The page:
It might be very dangerous to send that letter.

But if she did not send it, what was she going to do? She could not leave things as they were, could not just hold her peace. To do that would be infamous. And she could not be infamous. She felt the obligation of age. Beryl had been cruel to her, but she could not leave the girl in ignorance of the character of Arabian. If she did something horrible might happen, would almost certainly happen. Beryl was very rich now, and no doubt that man knew it. The death of her father had been put in all the papers. There had been public chatter about the fortune he had left. Men like Arabian knew what they were about. They worked with deliberation, worked according to plan. And Beryl was beautiful as well as rich.

Things could not be left as they were.

If she did not send that letter Lady Sellingworth told herself that she would have to see Beryl and speak to her. She would have to say what she had written. But that would be intolerable. The girl would ask questions, would insist on explanations, would demand to be enlightened. And then-As she sat by the writing-table, plunged in thought, Lady Sellingworth lost all count of time. But at last she took the sealing-wax, put it to the candle flame, and sealed up the letter. She had resolved that she would take the risk of sending it. Anything was better than seeing Beryl, than speaking about this horror. And Beryl would surely not be dishonourable.

Having sealed the letter Lady Sellingworth took it with her upstairs. She had decided to leave it herself at Claridge's Hotel on the morrow.

But after a wretched night she was again seized by hesitation. A devil came and tempted her, asking her what business this was of hers, why she should interfere in this matter. Beryl was audacious, self-possessed, accustomed to take her own way, to live as she chose, to know all sorts and conditions of men. She was not an ignorant girl, inexperienced in the ways of the world. She knew how to take care of herself. Why not destroy the letter and just keep silence? She had really no responsibility in this matter. Beryl was only an acquaintance who had tried to harm her happiness. And then the tempter suggested to her that by taking any action she must inevitably injure her own life. He brought to her mind thoughts of Craven. If she let Beryl alone the fascination of Arabian might work upon the girl so effectually that Craven would mean nothing to her any more; but if she sent the letter, or spoke, and Beryl heeded the warning, eventually, perhaps very soon, Beryl would turn again to Craven.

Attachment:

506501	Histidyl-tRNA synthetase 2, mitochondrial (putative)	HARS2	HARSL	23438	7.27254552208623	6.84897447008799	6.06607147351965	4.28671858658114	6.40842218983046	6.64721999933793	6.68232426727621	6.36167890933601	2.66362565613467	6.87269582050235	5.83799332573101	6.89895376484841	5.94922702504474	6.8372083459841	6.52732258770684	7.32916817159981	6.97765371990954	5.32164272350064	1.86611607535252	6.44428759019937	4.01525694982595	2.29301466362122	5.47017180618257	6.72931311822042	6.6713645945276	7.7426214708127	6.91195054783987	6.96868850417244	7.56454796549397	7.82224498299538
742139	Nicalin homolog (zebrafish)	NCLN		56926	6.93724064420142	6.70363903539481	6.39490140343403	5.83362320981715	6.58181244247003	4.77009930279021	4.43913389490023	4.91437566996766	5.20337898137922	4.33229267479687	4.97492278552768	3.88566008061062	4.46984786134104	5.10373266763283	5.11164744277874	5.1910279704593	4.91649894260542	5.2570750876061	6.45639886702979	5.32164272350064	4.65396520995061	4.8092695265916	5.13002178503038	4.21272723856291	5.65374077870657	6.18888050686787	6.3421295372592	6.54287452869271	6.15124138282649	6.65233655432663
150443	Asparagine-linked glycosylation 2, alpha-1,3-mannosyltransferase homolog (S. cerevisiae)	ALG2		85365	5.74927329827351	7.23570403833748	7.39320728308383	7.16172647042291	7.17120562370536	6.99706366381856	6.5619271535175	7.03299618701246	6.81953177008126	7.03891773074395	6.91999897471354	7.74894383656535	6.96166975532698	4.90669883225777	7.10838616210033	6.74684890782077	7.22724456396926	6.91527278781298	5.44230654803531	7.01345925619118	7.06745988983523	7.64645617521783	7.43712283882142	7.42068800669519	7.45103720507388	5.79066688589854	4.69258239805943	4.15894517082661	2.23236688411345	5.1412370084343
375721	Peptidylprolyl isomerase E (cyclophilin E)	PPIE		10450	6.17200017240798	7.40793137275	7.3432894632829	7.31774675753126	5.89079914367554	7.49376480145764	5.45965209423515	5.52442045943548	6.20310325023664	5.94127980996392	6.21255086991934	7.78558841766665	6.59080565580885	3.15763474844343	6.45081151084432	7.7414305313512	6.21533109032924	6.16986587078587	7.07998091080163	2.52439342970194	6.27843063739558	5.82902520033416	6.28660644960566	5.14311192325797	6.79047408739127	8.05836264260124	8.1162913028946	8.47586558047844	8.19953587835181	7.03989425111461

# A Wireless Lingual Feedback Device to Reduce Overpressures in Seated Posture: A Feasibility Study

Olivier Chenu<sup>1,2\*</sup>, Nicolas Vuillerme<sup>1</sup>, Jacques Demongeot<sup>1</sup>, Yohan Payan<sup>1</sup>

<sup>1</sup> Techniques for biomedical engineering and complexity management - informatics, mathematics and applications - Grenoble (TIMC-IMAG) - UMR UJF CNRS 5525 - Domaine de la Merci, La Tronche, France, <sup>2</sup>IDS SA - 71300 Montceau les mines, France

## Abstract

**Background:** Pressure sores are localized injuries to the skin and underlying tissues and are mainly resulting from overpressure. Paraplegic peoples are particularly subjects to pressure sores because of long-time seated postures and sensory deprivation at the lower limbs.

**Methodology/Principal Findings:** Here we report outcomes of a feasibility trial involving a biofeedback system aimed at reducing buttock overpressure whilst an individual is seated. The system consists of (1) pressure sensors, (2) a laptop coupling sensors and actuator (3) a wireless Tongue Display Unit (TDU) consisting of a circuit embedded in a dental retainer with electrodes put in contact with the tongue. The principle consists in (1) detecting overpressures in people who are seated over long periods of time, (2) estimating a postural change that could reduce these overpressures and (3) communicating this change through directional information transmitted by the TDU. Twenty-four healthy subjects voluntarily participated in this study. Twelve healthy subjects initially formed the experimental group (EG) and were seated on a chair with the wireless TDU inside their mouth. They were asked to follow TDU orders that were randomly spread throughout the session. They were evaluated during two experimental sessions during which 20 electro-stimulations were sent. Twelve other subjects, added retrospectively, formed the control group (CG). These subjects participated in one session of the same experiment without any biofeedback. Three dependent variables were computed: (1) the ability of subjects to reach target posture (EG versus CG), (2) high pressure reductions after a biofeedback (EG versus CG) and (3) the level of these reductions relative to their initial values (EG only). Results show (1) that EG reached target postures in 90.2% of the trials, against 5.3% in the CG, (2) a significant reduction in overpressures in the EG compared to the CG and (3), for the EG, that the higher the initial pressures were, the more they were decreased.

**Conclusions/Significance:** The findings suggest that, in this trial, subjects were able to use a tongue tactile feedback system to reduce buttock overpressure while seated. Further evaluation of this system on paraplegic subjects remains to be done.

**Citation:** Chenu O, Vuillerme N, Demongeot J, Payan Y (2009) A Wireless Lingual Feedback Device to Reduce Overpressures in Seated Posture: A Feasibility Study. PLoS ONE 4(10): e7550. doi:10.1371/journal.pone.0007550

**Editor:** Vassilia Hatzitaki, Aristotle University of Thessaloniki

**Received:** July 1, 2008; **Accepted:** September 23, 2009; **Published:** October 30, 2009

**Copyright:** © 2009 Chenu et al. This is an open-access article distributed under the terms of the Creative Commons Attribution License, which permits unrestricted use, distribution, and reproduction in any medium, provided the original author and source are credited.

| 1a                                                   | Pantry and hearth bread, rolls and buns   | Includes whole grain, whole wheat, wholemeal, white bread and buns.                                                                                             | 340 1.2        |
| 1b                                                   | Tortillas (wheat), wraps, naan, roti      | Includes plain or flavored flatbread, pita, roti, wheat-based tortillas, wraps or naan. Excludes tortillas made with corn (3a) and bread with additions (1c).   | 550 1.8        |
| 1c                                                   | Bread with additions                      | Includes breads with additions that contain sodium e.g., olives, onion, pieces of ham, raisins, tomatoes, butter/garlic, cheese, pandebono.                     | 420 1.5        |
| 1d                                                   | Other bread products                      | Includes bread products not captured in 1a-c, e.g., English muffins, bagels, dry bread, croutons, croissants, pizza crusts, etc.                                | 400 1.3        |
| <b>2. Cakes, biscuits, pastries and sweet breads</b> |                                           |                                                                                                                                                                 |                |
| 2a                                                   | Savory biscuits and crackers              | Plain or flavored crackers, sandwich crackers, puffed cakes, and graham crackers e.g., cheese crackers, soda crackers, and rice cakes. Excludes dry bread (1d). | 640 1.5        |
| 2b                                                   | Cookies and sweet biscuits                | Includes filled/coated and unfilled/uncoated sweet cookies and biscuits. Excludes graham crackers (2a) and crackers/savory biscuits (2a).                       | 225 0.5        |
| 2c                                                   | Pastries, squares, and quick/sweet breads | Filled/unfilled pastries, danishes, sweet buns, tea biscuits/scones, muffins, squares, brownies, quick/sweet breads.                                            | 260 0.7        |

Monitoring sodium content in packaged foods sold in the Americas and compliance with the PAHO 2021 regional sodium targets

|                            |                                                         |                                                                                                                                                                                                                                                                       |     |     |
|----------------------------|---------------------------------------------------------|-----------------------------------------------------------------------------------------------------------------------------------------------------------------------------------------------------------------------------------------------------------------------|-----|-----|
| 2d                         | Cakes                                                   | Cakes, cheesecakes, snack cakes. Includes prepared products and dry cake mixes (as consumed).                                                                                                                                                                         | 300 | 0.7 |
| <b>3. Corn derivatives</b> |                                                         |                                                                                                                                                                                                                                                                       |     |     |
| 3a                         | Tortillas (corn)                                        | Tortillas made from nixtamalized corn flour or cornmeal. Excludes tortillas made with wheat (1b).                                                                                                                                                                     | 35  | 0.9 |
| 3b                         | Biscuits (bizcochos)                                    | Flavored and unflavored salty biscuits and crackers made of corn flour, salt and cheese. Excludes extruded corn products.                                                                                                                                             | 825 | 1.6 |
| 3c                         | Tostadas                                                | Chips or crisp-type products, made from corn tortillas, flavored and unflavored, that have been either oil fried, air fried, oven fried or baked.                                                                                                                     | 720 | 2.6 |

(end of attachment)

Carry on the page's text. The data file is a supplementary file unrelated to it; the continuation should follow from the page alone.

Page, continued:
By warning Beryl Lady Sellingworth would very probably turn a weapon upon herself. And she realized that fully. For she had no expectation of real gratitude from the girl expressing itself in instinctive unselfishness.

"I should merely make an enemy by doing it," she thought. "Or rather two enemies."

And she locked the letter up. She thought she would do nothing. But as the day wore on she was haunted by a feeling of self-hatred. She had done many wrong things in her life, but certain types of wrong things she had never yet done. Her sins had been the sins of what is called passion. There had been strong feeling behind them, prompting desire, a flame, though not always the purest sort of flame. She had not been a cold sinner. Nor had she been a contemptible coward. Now she was beset by an ugly sensation of cowardice which made her ill at ease with herself. She thought of Seymour Portman. He was able to love her, to go on loving her. Therefore, in spite of all her caprices, in spite of all she had done, he believed in that part of her which men have agreed to call character. She could not love him as he wished, but she had an immeasurable respect for him. And she knew that above all the other virtues he placed courage, moral and physical. Noblesse oblige. He would never fail. He considered it an obligation on those who were born in what he still thought of as the ruling class to hold their heads high in fearlessness. And in her blood, too, ran something of the same feeling of obligation.

If she put her case before Seymour what would he tell her to do? To ask that question was to answer it. He would not even tell. He would not think it necessary to do that. She could almost hear his voice saying: "There's only one thing to be done."

She was loved by Seymour; she simply could not be a coward.

And she unlocked the box in which the letter was lying, and ordered her car to come round.

"Please drive to Claridge's!" she said as she got into it.

On the way to the hotel she kept saying to herself: "Seymour! Seymour! It's the only thing to do. It's the only thing to do."

When the car stopped in front of the hotel she got out and went herself to the bureau.

"Please give this to Miss Van Tuyn at once. It is very important."

"Yes, my lady."

"Is she in?"

"I'm not sure, my lady, but I can soon-"

"No, no, it doesn't matter. But it is really important."

"It shall go up at once my lady."

"Thank you."

As Lady Sellingworth got into her car she felt a sense of relief.

"I've done the right thing. Nothing else matters."